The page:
Russian seizure of Ukraine nuclear plant sparks worries about radiation monitoring
By Mari Saito and Ju-min Park
TOKYO/SEOUL (Reuters) -Russia's seizure of a Ukrainian nuclear power plant has raised fears about access to radiation data, atomic experts said, although they stressed they did not see immediate radiological risks and a U.N. watchdog said its reactors were undamaged.
Russian forces captured the Zaporizhzhia plant - Europe's largest - after attacking it in the early hours of Friday, setting an adjacent five-storey training facility on fire, Ukrainian authorities said.
Russia has blamed the attack on the plant on Ukrainian saboteurs.
In a press conference on Friday, International Atomic Energy Agency (IAEA) chief Rafael Grossi said no damage had been done to the Zaporozhzhia reactors and Ukrainian staff continued to operate the nuclear facilities while Russian forces controlled the area.
The radiation monitoring system at the site was functioning normally and there had been no release of radioactive material, Grossi said.
Park Jong-woon, a professor at the energy and electric engineering department of Dongguk University, said he did not think there was an immediate radiological threat posed by the plant's seizure, but added Russia could disrupt public access to radiation data to sow confusion.
"They can make people wonder, freak them out and spread fear," said Park, who worked at state-run power operators between 1996 and 2009, helping build nuclear reactors.
The fire at the Zaporizhzhia facility has since been extinguished but it had raised "a very real concern" about the potential for disaster, Edwin Lyman, director of nuclear power safety at the Union of Concerned Scientists in Washington D.C., said.
"For example, the prospect of a widespread fire, although that appears not to be the case, could disable the plant's electrical systems and lead to an event very much like Fukushima if cooling is not restored in time," he said.
More broadly, experts expressed worries about access to real time data necessary for gauging the radiation situation on the ground.
The official website for radiation readings at the Zaporizhzhia site was not immediately accessible as of Friday afternoon, Lyman said.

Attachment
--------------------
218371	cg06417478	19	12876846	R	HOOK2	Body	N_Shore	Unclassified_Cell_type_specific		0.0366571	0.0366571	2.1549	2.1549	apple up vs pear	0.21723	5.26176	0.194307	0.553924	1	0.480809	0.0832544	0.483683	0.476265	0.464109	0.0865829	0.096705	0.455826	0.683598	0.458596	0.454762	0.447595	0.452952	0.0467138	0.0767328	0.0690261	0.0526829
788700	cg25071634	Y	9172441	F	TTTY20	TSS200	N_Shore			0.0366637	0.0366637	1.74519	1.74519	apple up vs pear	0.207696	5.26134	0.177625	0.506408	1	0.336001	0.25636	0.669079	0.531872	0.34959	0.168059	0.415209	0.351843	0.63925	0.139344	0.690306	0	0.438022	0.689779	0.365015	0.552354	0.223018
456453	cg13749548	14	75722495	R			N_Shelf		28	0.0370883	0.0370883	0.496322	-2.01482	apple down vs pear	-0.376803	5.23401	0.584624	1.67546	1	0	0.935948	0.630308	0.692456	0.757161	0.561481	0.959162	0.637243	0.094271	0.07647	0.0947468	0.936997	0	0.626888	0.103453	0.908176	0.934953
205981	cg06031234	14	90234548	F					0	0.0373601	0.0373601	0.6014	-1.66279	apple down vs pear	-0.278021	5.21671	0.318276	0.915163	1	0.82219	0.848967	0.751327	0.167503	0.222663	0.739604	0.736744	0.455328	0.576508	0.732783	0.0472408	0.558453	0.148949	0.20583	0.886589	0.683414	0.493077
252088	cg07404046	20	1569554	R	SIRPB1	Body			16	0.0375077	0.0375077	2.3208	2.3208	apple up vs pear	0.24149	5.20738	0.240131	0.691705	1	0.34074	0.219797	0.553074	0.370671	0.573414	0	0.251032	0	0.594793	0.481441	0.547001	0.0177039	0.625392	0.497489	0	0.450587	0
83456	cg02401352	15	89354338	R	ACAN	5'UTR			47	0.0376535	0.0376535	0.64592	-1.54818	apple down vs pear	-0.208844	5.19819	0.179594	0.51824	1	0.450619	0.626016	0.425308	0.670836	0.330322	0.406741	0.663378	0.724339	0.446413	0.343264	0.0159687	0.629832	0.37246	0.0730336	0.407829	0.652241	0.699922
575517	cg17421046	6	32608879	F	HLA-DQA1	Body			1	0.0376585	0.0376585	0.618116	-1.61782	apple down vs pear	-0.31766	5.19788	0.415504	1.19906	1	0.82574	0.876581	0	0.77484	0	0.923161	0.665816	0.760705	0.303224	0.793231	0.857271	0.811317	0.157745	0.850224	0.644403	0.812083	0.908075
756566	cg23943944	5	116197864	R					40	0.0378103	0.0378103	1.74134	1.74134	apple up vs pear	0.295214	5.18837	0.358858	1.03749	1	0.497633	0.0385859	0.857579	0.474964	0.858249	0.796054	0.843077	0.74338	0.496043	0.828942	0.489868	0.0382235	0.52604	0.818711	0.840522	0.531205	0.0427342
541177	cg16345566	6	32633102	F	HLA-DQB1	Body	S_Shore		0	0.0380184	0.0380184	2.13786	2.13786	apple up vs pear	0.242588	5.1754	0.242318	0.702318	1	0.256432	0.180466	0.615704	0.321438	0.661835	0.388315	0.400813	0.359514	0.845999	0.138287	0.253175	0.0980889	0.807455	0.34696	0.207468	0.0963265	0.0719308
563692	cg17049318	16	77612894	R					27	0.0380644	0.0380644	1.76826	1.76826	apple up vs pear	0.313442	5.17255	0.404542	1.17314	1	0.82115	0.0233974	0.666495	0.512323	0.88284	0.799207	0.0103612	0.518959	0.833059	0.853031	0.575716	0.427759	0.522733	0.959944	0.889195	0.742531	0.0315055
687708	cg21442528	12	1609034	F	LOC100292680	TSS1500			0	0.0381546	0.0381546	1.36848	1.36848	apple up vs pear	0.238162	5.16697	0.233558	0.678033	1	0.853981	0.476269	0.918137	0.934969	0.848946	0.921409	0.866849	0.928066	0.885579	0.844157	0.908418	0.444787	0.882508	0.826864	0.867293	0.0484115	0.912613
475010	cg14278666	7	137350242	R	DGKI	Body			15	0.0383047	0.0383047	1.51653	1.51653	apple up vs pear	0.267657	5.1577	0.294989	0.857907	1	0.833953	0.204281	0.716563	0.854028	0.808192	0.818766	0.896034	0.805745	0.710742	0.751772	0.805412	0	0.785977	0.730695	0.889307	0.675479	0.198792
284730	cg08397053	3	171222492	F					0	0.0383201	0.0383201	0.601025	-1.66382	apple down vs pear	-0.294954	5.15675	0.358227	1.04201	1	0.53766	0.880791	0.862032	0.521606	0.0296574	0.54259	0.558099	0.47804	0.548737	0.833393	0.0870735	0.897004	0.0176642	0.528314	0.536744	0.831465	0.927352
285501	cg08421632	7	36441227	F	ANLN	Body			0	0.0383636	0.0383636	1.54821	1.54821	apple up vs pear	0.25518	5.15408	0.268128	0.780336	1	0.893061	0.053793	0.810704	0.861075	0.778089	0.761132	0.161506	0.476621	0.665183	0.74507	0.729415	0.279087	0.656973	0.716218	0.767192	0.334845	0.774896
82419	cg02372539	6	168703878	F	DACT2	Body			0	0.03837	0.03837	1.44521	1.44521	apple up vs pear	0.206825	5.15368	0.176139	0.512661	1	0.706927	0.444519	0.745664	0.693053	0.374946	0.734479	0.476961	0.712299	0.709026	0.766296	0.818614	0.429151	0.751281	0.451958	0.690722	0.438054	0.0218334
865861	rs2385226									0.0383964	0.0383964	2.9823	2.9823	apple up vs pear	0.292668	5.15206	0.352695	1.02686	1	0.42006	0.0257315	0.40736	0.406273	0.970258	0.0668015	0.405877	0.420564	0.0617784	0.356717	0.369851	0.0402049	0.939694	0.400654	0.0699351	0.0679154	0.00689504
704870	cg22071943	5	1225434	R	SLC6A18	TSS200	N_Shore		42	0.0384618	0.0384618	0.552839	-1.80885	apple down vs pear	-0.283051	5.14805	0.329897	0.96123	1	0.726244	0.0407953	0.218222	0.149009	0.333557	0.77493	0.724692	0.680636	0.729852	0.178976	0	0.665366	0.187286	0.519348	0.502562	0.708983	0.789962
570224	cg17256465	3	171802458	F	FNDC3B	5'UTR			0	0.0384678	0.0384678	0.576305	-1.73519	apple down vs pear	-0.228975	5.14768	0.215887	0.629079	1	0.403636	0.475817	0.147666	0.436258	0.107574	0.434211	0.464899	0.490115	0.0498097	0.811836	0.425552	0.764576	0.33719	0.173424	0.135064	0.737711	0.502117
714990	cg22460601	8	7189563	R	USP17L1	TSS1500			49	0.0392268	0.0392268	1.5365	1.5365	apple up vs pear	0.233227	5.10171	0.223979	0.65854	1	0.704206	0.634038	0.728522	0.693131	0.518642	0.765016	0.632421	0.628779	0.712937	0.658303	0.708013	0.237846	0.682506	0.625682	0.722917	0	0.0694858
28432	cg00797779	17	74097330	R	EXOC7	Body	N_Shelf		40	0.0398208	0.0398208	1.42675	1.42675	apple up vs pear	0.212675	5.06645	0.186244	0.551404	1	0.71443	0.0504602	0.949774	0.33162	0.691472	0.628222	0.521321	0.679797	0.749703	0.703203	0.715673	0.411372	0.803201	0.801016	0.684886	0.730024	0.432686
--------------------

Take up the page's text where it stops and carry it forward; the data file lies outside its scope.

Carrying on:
Since last week's takeover by Russian forces of Chernobyl - the site of the world's worst nuclear disaster and now a defunct power plant - monitoring of radiation levels there has been more difficult, according to Kenji Nanba, who heads Fukushima University's Institute of Environmental Radioactivity and has been involved in a joint research project with Ukrainian scientists.
He said an official Ukrainian website with hourly radiation measurements from Chernobyl's exclusion zone had been down for days and that another site had gradually lost most of its real-time readings.
Although the damaged Chernobyl reactor is stable and is covered under a large new containment structure, Nanba said it was still crucial for researchers like himself to track radiation data at the site to make sure there were no sudden changes.
Elevated radiation readings were recorded near Chernobyl after it was taken over by Russian forces last week, but experts say those were most likely caused by military activity that kicked up irradiated dirt and earth into the air.
The fourth reactor at Chernobyl exploded in April 1986 during a botched safety test, sending clouds of radiation billowing across much of Europe. Estimates for the numbers of direct and indirect deaths from the disaster vary from the low thousands to as many as 93,000 extra cancer deaths worldwide.
(Reporting by Mari Saito in Tokyo and Ju-min Park in Seoul; Additional reporting by Kirsty Needham in Sydney; Editing by Edwina Gibbs, William Maclean)
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